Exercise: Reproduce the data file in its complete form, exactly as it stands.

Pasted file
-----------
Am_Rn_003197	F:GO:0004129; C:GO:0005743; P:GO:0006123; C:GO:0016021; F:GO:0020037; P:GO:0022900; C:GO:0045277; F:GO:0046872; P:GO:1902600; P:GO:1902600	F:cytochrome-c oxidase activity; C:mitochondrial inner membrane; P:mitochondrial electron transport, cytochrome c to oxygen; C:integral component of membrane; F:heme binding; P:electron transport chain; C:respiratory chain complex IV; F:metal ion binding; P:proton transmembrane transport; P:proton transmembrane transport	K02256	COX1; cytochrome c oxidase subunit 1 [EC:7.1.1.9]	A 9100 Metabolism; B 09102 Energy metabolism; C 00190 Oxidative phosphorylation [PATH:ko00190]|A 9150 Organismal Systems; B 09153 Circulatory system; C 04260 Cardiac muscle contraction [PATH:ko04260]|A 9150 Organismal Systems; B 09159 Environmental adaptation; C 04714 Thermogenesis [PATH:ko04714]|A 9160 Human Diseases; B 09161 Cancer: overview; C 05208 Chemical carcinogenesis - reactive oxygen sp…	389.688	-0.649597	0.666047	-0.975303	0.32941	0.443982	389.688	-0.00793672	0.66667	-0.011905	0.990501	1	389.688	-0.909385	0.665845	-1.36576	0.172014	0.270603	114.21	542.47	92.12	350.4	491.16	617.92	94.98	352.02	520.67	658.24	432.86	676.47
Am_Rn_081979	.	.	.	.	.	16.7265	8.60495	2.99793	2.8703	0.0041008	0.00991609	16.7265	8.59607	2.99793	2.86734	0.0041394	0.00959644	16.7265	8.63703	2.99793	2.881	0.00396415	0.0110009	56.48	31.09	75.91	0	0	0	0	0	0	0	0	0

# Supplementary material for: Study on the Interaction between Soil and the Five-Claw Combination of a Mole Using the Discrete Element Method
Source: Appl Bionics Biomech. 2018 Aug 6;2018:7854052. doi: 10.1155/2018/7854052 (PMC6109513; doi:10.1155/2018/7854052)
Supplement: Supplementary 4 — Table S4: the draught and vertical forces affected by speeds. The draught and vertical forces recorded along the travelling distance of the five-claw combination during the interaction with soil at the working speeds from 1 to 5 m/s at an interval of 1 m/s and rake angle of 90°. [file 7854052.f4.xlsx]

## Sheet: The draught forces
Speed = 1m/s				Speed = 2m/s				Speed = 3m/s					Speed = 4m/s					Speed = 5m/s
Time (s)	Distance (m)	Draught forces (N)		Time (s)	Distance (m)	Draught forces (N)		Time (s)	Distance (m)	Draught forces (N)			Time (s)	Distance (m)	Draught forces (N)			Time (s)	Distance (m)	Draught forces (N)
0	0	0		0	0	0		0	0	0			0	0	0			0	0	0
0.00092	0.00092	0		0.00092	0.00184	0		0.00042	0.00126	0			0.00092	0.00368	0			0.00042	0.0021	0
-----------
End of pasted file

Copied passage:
Am_Rn_003197	F:GO:0004129; C:GO:0005743; P:GO:0006123; C:GO:0016021; F:GO:0020037; P:GO:0022900; C:GO:0045277; F:GO:0046872; P:GO:1902600; P:GO:1902600	F:cytochrome-c oxidase activity; C:mitochondrial inner membrane; P:mitochondrial electron transport, cytochrome c to oxygen; C:integral component of membrane; F:heme binding; P:electron transport chain; C:respiratory chain complex IV; F:metal ion binding; P:proton transmembrane transport; P:proton transmembrane transport	K02256	COX1; cytochrome c oxidase subunit 1 [EC:7.1.1.9]	A 9100 Metabolism; B 09102 Energy metabolism; C 00190 Oxidative phosphorylation [PATH:ko00190]|A 9150 Organismal Systems; B 09153 Circulatory system; C 04260 Cardiac muscle contraction [PATH:ko04260]|A 9150 Organismal Systems; B 09159 Environmental adaptation; C 04714 Thermogenesis [PATH:ko04714]|A 9160 Human Diseases; B 09161 Cancer: overview; C 05208 Chemical carcinogenesis - reactive oxygen sp…	389.688	-0.649597	0.666047	-0.975303	0.32941	0.443982	389.688	-0.00793672	0.66667	-0.011905	0.990501	1	389.688	-0.909385	0.665845	-1.36576	0.172014	0.270603	114.21	542.47	92.12	350.4	491.16	617.92	94.98	352.02	520.67	658.24	432.86	676.47
Am_Rn_081979	.	.	.	.	.	16.7265	8.60495	2.99793	2.8703	0.0041008	0.00991609	16.7265	8.59607	2.99793	2.86734	0.0041394	0.00959644	16.7265	8.63703	2.99793	2.881	0.00396415	0.0110009	56.48	31.09	75.91	0	0	0	0	0	0	0	0	0

# Supplementary material for: Study on the Interaction between Soil and the Five-Claw Combination of a Mole Using the Discrete Element Method
Source: Appl Bionics Biomech. 2018 Aug 6;2018:7854052. doi: 10.1155/2018/7854052 (PMC6109513; doi:10.1155/2018/7854052)
Supplement: Supplementary 4 — Table S4: the draught and vertical forces affected by speeds. The draught and vertical forces recorded along the travelling distance of the five-claw combination during the interaction with soil at the working speeds from 1 to 5 m/s at an interval of 1 m/s and rake angle of 90°. [file 7854052.f4.xlsx]

## Sheet: The draught forces
Speed = 1m/s				Speed = 2m/s				Speed = 3m/s					Speed = 4m/s					Speed = 5m/s
Time (s)	Distance (m)	Draught forces (N)		Time (s)	Distance (m)	Draught forces (N)		Time (s)	Distance (m)	Draught forces (N)			Time (s)	Distance (m)	Draught forces (N)			Time (s)	Distance (m)	Draught forces (N)
0	0	0		0	0	0		0	0	0			0	0	0			0	0	0
0.00092	0.00092	0		0.00092	0.00184	0		0.00042	0.00126	0			0.00092	0.00368	0			0.00042	0.0021	0